Renewable workers

OECD Observer

How will workers’ current skills match new requirements for labour in a green economy? So far, few countries have put in place real plans to address this question, yet there is risk of a significant mismatch between skills and jobs. Would you know who to call if your geothermal system crashes? Should construction workers learn new skills for retrofitting buildings?

With a bit of planning for the transition, Green Skills and Innovation for Inclusive Growth proposes that we can take advantage of this opportunity to diversify and improve employment. Following two OECD forums on the topic, Green Skills provides evidence and policy analysis to guide the green shift, with emphasis on the ways that better policy co-ordination among environment, economy and labour can minimise the skills gap and maximise employment growth. This builds on the 2014 report Greener Skills and Jobs, which outlined a three-part policy approach: i) upgrading skills in minimally impacted sectors; ii) gearing up educational institutions to teach the new skills needed for mitigation; eco-innovation and renewable energy, for instance; and iii) retraining in emissions-intensive sectors, which will be particularly affected by a shift to low carbon.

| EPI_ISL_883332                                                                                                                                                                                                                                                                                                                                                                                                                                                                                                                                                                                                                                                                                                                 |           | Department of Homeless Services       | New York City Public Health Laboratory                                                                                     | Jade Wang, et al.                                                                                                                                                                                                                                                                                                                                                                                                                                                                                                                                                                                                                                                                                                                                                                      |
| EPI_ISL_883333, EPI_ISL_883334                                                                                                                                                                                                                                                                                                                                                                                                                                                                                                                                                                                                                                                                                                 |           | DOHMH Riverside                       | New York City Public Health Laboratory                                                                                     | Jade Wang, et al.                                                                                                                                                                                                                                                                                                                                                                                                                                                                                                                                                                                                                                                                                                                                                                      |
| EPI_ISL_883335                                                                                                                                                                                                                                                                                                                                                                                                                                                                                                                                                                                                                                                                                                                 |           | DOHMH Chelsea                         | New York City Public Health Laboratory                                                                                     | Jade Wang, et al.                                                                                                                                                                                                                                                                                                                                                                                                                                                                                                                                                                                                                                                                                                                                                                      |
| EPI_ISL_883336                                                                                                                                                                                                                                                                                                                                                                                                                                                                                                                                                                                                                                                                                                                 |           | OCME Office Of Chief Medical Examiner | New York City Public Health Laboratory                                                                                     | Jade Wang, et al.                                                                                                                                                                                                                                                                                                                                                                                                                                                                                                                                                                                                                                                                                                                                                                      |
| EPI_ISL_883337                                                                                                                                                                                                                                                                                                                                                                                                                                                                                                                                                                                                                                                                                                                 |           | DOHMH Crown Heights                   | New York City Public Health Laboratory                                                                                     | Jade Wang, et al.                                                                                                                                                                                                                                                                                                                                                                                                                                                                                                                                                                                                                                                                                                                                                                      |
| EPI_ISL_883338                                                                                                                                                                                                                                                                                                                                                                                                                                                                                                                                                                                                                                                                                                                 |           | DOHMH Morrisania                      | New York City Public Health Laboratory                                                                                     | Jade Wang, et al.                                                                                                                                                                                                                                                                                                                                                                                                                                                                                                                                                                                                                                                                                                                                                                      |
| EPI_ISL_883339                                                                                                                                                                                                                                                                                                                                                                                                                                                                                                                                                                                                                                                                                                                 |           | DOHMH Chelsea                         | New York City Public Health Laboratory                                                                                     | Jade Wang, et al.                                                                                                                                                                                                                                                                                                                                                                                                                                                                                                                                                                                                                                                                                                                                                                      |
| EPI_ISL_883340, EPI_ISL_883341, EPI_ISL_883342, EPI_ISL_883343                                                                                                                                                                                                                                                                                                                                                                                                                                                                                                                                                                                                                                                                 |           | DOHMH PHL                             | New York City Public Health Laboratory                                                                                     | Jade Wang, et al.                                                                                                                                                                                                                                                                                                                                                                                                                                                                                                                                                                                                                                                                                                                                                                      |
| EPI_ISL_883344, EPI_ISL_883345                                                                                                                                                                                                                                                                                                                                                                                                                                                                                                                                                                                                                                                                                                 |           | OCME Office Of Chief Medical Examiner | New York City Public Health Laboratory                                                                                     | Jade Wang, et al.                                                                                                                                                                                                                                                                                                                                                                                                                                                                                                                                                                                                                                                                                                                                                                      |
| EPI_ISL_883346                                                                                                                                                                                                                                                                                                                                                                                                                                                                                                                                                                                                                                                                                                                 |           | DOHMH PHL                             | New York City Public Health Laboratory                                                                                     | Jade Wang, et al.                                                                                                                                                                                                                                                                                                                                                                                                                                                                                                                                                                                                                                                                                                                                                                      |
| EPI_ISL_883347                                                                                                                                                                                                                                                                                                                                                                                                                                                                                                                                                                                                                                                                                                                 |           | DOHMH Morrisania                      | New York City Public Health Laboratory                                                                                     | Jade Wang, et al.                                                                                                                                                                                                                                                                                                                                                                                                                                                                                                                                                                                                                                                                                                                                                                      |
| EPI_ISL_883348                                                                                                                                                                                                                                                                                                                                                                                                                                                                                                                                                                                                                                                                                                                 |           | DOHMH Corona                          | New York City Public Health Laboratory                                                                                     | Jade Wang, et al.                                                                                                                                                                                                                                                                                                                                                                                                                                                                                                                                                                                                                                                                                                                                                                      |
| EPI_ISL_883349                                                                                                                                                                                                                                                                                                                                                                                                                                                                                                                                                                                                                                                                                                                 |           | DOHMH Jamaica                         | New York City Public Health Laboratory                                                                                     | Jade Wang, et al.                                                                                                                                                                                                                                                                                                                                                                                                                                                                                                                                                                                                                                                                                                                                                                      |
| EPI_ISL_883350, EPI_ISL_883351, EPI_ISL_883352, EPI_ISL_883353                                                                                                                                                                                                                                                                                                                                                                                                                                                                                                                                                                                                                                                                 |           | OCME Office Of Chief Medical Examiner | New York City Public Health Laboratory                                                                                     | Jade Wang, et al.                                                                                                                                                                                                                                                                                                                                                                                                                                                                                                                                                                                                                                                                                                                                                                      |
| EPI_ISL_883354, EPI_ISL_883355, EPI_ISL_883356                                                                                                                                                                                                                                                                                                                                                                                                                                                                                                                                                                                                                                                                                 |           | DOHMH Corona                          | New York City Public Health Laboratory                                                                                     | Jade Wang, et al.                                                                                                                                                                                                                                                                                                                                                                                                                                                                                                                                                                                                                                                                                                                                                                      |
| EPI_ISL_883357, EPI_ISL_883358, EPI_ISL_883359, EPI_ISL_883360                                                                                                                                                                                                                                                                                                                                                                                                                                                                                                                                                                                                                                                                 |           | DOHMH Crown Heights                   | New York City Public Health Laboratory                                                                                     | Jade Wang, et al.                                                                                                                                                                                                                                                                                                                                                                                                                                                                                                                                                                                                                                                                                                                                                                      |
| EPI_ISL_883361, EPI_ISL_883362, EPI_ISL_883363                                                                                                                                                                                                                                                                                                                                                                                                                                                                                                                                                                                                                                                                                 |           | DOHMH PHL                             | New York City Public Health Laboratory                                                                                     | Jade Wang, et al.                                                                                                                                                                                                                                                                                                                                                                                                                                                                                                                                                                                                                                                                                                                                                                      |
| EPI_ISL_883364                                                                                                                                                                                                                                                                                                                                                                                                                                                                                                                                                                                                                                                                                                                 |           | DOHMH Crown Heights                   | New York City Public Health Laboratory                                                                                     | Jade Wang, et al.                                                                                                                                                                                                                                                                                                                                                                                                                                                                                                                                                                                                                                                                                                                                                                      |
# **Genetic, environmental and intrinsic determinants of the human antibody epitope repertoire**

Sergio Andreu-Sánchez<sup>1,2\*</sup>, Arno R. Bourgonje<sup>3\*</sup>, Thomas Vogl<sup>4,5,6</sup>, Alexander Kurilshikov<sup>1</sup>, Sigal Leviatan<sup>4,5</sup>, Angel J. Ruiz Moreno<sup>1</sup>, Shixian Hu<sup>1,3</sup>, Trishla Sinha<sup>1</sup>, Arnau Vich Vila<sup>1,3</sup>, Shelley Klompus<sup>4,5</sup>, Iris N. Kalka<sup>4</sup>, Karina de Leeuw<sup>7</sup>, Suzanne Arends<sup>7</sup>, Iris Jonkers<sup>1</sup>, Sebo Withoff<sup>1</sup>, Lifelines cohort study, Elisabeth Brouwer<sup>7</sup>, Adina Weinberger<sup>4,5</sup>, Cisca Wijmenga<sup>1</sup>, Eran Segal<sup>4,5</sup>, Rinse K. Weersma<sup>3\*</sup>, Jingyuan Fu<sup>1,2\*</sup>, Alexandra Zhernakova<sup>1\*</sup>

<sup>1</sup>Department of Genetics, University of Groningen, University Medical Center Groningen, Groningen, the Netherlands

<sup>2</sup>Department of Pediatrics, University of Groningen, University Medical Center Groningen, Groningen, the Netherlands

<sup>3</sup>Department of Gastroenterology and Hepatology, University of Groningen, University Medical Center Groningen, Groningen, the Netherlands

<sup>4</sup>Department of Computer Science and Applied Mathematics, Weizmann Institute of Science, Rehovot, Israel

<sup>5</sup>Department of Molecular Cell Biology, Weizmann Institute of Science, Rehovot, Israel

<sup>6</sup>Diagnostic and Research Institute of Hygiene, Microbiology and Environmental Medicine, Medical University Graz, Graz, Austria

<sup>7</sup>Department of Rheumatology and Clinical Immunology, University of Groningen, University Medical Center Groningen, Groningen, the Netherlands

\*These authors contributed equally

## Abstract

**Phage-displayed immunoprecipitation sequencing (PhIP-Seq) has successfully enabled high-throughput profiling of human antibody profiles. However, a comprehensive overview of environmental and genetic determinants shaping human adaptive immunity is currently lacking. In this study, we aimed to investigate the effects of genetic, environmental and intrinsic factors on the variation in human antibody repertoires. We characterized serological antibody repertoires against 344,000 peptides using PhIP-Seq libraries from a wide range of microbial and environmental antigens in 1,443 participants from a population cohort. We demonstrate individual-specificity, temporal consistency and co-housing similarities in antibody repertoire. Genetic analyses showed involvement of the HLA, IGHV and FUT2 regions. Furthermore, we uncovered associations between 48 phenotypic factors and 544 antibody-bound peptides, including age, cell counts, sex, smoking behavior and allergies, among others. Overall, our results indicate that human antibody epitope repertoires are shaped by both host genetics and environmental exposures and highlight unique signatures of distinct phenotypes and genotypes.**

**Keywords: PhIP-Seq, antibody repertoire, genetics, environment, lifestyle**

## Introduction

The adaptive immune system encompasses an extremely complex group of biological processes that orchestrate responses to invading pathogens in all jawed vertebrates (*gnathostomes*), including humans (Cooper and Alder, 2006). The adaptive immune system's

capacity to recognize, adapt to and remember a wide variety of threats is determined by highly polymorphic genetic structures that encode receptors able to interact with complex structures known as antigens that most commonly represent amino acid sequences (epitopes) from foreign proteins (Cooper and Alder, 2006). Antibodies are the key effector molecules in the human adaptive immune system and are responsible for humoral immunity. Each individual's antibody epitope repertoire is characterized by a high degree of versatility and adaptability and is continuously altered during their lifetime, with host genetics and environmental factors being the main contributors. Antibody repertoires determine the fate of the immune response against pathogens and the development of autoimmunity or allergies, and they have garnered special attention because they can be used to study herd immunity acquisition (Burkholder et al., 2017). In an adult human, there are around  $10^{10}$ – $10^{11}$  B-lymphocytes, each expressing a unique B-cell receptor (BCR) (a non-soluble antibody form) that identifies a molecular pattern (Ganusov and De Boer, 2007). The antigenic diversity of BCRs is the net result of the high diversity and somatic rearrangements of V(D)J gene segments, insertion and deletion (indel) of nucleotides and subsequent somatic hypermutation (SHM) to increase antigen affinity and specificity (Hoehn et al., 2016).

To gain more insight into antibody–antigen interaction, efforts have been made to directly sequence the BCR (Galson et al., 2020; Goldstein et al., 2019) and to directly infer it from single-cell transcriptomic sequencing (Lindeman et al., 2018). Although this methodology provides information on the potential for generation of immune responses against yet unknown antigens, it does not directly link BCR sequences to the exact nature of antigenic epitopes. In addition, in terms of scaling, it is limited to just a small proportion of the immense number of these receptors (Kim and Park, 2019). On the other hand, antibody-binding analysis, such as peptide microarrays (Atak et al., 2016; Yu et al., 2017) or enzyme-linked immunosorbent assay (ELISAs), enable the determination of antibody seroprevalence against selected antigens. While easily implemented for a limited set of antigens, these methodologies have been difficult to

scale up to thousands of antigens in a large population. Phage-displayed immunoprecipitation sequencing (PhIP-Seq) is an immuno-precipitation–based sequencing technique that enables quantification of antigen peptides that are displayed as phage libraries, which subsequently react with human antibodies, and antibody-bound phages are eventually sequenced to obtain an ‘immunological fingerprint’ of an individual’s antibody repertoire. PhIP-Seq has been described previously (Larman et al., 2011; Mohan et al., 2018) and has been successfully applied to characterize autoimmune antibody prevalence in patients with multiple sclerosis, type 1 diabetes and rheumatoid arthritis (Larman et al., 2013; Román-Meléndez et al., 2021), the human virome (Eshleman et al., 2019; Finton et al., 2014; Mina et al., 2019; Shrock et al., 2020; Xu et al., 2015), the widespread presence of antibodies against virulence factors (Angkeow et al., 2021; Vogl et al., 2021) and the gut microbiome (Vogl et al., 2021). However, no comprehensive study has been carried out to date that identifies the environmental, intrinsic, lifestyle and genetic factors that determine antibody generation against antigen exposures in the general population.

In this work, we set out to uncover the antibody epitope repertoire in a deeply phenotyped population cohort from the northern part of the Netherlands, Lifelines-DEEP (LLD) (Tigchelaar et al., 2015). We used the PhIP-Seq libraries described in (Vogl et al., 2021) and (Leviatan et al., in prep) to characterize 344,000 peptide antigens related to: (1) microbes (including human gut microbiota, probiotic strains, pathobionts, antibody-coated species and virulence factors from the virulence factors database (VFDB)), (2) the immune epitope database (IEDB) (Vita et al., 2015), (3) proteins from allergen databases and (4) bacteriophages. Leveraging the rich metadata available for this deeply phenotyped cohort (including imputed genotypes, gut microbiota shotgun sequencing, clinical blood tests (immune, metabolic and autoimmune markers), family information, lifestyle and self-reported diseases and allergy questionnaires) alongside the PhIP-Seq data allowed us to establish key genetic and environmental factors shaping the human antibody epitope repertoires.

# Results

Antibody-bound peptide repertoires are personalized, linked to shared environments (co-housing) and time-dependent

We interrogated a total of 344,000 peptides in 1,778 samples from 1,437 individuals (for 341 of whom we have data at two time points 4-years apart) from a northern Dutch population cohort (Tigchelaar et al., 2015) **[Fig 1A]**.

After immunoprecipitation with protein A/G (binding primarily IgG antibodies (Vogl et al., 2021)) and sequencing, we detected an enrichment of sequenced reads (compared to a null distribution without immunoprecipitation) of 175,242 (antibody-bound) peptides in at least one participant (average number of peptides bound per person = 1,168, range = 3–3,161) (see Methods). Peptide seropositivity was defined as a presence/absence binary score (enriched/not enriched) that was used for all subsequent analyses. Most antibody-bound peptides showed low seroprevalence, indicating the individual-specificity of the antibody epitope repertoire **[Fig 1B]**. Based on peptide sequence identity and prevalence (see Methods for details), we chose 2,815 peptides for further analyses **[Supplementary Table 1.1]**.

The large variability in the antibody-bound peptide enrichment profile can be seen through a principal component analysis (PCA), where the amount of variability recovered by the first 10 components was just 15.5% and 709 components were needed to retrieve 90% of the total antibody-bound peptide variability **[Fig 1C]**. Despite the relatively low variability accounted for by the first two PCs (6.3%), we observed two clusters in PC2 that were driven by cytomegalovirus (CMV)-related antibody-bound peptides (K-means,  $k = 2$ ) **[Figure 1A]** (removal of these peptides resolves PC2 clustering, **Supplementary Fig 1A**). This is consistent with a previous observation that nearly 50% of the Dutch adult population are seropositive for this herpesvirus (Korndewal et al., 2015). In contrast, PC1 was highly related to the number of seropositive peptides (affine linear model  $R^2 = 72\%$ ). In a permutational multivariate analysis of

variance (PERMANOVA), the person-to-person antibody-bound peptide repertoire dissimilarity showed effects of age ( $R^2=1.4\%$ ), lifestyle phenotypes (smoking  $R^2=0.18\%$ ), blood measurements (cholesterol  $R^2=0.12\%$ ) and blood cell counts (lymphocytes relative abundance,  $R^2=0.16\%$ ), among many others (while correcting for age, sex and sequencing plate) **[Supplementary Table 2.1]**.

With the recent financial and economic crisis, greening the labour force has not been a high priority for most policymakers. This study shows that skilled jobs from the old carbon-intensive industries, such as engineers, electricians, analysts, fitters and marketers, will be largely transferable and adaptable to low-carbon energy sectors. Moreover, with some basic skills training or retraining programmes, production, construction, and other lower skilled workers can make the shift from fossil fuel sectors as well.

OECD-Cedefop (2015), Green Skills and Innovation for Inclusive Growth, OECD Publishing.  

See also: OECD-Cedefop (2014), Greener Skills and Jobs, OECD Green Growth Studies, OECD Publishing.  

©OECD Observer No 304, November 2015




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